Choose the Essential and Simplify

Choosing the essential is the key to simplifying – you have to choose the essential before you simplify, or you risk eliminating things without keeping the most important. “Simplifying isn’t meant to leave your life empty – it’s meant to leave space for what you really want to do.”

For me, getting to the essential starts with eliminating the non-essential – like the quote from sculptor Michelangelo, “I saw the angel in the marble and carved until I set him free.”

However you get there, once you know what’s essential, you reduce projects, tasks, commitments, and clutter. In my work with my executive coaching clients, an important part of the process is for a client to know his/her core values, set goals, and confirm what’s most important and brings you the greatest joy.

Simple Focus

FocusThe “Power of Less” presents focus as the most important and powerful tool – “focus on less to become more effective.” Intellectually, I get it, but practice it is far more difficult. Here’s what helps me most:

  • Identify the most important priorities (and tasks).
  • Keep these front and center. I do this by creating an annual plan, then breaking that down by quarter, month, week, and day.
  • Begin each day by focusing on the most important tasks, executing these one at a time until complete.
  • Resist checking email and exploring the internet first thing in the day, otherwise I become occupied by urgent or intriguing distractions.
  • Focus on the present instead of the past or future. This is so challenging! I compare it to attempting to quiet my mind during meditation. It helps to practice with the simple things in my day – eating, driving, sleeping – focusing only on that, and enjoying it. When I can do that, it feels like pure flow.

Start Small

Send your overachiever to time out! Starting small is simply a way to ensure the greatest likelihood of success for all the other changes.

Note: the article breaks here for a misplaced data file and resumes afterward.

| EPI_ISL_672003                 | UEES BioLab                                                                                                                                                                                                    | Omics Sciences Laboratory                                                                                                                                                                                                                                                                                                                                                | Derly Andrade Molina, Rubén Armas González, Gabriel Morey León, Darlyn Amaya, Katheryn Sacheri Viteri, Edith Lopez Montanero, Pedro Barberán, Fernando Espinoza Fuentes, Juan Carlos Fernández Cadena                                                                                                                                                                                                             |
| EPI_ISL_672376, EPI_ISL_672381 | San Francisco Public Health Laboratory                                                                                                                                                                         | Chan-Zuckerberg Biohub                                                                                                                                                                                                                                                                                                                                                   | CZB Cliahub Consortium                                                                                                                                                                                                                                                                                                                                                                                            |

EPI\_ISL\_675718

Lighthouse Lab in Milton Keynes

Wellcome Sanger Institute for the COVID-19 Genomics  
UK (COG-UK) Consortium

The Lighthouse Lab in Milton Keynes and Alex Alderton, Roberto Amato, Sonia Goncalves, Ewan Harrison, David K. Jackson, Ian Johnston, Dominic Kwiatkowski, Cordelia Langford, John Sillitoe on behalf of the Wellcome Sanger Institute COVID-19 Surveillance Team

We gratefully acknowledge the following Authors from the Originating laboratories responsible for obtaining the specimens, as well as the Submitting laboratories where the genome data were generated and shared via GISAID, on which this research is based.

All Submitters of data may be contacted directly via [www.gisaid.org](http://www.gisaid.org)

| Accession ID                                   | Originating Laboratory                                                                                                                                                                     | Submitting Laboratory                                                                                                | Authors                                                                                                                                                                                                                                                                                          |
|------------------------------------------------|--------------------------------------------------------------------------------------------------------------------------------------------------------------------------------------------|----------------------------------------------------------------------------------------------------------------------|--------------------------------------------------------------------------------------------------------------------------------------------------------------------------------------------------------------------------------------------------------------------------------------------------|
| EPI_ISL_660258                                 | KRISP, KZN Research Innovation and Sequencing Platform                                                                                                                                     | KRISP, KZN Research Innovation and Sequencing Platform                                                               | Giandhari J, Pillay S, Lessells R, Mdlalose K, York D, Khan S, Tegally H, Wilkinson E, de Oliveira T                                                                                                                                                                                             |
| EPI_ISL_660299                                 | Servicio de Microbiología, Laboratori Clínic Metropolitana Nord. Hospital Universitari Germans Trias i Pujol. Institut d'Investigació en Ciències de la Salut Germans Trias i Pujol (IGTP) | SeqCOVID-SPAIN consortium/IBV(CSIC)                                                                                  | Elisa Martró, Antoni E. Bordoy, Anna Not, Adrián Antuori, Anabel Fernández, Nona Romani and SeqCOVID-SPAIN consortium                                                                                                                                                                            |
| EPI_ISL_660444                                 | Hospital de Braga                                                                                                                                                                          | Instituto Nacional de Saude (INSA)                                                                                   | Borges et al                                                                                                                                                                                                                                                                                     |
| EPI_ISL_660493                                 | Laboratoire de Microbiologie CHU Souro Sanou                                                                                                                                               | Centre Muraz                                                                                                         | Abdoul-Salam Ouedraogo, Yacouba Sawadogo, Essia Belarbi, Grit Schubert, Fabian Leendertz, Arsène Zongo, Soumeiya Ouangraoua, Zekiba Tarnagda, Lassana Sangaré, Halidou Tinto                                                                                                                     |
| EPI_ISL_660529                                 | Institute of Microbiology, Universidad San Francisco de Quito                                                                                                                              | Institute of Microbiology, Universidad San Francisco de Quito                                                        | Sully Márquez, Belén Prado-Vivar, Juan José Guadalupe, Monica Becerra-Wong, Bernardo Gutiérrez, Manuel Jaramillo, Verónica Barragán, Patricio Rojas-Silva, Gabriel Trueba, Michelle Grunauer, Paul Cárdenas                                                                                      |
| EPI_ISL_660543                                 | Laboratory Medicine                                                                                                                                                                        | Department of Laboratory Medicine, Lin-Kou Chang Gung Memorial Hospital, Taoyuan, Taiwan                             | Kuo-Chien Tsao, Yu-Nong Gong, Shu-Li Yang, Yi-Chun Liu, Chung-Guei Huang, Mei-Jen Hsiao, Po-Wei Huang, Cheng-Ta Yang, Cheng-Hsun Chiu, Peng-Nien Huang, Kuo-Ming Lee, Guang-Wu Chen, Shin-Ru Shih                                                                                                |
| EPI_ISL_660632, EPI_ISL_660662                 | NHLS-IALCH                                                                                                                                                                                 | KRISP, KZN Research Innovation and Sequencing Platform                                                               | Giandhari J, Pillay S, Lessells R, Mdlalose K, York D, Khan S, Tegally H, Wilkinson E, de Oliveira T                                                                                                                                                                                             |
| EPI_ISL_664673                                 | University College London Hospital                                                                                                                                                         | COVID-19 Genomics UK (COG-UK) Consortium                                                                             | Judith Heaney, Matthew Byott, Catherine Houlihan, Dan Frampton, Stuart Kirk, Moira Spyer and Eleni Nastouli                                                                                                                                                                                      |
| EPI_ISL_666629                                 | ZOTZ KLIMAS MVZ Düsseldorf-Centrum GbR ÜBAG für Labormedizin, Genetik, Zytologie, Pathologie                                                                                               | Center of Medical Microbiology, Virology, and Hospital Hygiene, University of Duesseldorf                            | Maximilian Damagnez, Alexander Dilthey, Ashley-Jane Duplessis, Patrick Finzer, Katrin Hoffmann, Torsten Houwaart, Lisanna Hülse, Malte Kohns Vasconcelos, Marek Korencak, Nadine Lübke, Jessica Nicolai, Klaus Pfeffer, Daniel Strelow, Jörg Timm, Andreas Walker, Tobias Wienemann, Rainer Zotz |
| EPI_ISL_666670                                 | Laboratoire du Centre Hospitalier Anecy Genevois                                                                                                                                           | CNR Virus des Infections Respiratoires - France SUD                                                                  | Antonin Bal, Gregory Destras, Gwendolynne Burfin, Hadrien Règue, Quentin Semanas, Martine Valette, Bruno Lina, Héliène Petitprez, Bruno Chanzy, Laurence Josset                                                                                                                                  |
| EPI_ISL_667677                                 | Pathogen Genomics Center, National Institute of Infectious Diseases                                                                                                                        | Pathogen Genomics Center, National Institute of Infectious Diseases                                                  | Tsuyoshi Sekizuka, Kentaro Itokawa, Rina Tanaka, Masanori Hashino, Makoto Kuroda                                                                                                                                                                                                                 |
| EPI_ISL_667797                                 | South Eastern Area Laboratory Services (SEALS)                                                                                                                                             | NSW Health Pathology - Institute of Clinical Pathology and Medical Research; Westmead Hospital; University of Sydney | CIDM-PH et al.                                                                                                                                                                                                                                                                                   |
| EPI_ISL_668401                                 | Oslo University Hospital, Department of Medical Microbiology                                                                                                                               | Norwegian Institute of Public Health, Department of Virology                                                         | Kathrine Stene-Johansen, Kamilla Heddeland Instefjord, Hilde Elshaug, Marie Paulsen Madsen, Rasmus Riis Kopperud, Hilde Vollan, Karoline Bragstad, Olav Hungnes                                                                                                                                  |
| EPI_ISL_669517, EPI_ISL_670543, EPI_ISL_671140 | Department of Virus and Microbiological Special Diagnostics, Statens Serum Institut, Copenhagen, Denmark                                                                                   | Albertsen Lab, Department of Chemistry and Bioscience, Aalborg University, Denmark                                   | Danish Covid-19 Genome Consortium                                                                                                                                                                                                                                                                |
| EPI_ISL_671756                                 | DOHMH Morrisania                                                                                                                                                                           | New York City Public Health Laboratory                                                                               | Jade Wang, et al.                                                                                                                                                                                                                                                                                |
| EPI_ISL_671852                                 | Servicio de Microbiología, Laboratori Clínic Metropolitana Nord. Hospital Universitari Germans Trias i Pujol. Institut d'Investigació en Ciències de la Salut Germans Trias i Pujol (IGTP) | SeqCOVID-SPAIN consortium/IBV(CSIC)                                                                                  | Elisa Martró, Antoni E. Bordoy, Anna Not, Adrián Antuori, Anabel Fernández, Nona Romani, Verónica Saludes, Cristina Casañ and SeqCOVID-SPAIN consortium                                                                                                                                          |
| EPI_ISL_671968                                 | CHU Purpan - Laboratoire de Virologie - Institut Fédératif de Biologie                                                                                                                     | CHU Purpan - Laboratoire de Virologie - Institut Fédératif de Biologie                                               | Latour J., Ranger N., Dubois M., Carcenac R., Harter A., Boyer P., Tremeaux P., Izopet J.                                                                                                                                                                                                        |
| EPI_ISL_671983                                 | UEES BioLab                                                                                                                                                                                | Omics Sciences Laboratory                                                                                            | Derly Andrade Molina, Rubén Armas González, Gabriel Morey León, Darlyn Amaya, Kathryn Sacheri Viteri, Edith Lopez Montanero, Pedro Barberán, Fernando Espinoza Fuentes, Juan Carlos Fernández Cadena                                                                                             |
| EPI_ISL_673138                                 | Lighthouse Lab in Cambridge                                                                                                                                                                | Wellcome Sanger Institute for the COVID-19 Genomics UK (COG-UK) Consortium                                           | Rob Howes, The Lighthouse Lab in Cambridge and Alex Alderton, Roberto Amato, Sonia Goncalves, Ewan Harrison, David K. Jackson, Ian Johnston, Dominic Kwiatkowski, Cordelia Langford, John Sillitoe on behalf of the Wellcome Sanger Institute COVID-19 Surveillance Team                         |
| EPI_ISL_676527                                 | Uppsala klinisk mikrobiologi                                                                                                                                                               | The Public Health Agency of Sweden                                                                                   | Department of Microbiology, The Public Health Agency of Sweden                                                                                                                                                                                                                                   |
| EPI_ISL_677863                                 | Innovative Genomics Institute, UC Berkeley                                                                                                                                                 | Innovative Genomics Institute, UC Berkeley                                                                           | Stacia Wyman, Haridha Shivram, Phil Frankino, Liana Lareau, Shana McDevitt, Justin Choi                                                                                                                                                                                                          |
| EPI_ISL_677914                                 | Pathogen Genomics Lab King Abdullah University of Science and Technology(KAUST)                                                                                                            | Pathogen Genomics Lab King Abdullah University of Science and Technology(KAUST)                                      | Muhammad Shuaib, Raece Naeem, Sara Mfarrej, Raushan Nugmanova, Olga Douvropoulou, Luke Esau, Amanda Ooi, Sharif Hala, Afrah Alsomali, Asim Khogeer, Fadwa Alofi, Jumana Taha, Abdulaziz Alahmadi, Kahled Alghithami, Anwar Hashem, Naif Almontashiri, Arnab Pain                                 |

Think of the fail rate with New Year’s resolutions: we start the year excited and rearing to go. Like a Thoroughbred out of the gate, we charge forward – make the first lap and maybe a second, and then start to lose steam or quit altogether. The value of setting realistic, achievable goals is important to have any chance of success.

This reminds me of when I began running. My son was in the 4th grade at the time and asked me to run with him to prepare for his school’s 1-mile event. For a week or two, we practiced together, and he accomplished his goal. Next, we decided to sign up for a local 5K. We completed it, and by then I began to enjoy running.

For the next year, I ran several community 5K events. I decided to step it up and run 10Ks the next year. Then, in year three, I trained for and ran my first half marathon. Now, eight years later, I’ve completed about ten half marathons. Starting small was key to my running success and sustainability.


This principle begins with “A clean desk allows you to focus on the task at hand, which is key to being effective in whatever you’re trying to do.” So today, in honor of this idea, I cleaned up my office and desk. Maybe it’s just in my head, but afterward I swear I was able to think more clearly and accomplish more.

Another way I’ve practiced this principal recently is conducting a home inventory and identifying things we no longer use. We’ve made countless trips to our local Goodwill, learned how to “do eBay,” and have experienced good success in selling many items. It’s inspired us to set new goals geared toward decluttering and downsizing, like:

  • Set aside time to clean out.
  • Start simple – with one room, a closet, or a drawer
  • Handle paperwork only once, taking immediate action (like paying a bill), filing, or tossing it.
  • Have a home for everything and keep things in their place.
  • For every item you bring into your home, remove something of equal size and significance.

Slow Down

Years ago, I decided to take a sabbatical for a few months. One of the first things I experienced was a much slower pace. I stepped off the frantic work treadmill, engaged in some creative pursuits, and savored the foreign white space on my calendar. My friends worried that the change was so abrupt, I would need therapy. Not the case!

Before this “time out,” my life was jam-packed. I never completed a task list, rushed everywhere I went, and felt behind, late, and exhausted. I had enthusiastically signed up for this career and professional leadership role, but I didn’t want to live my life like this.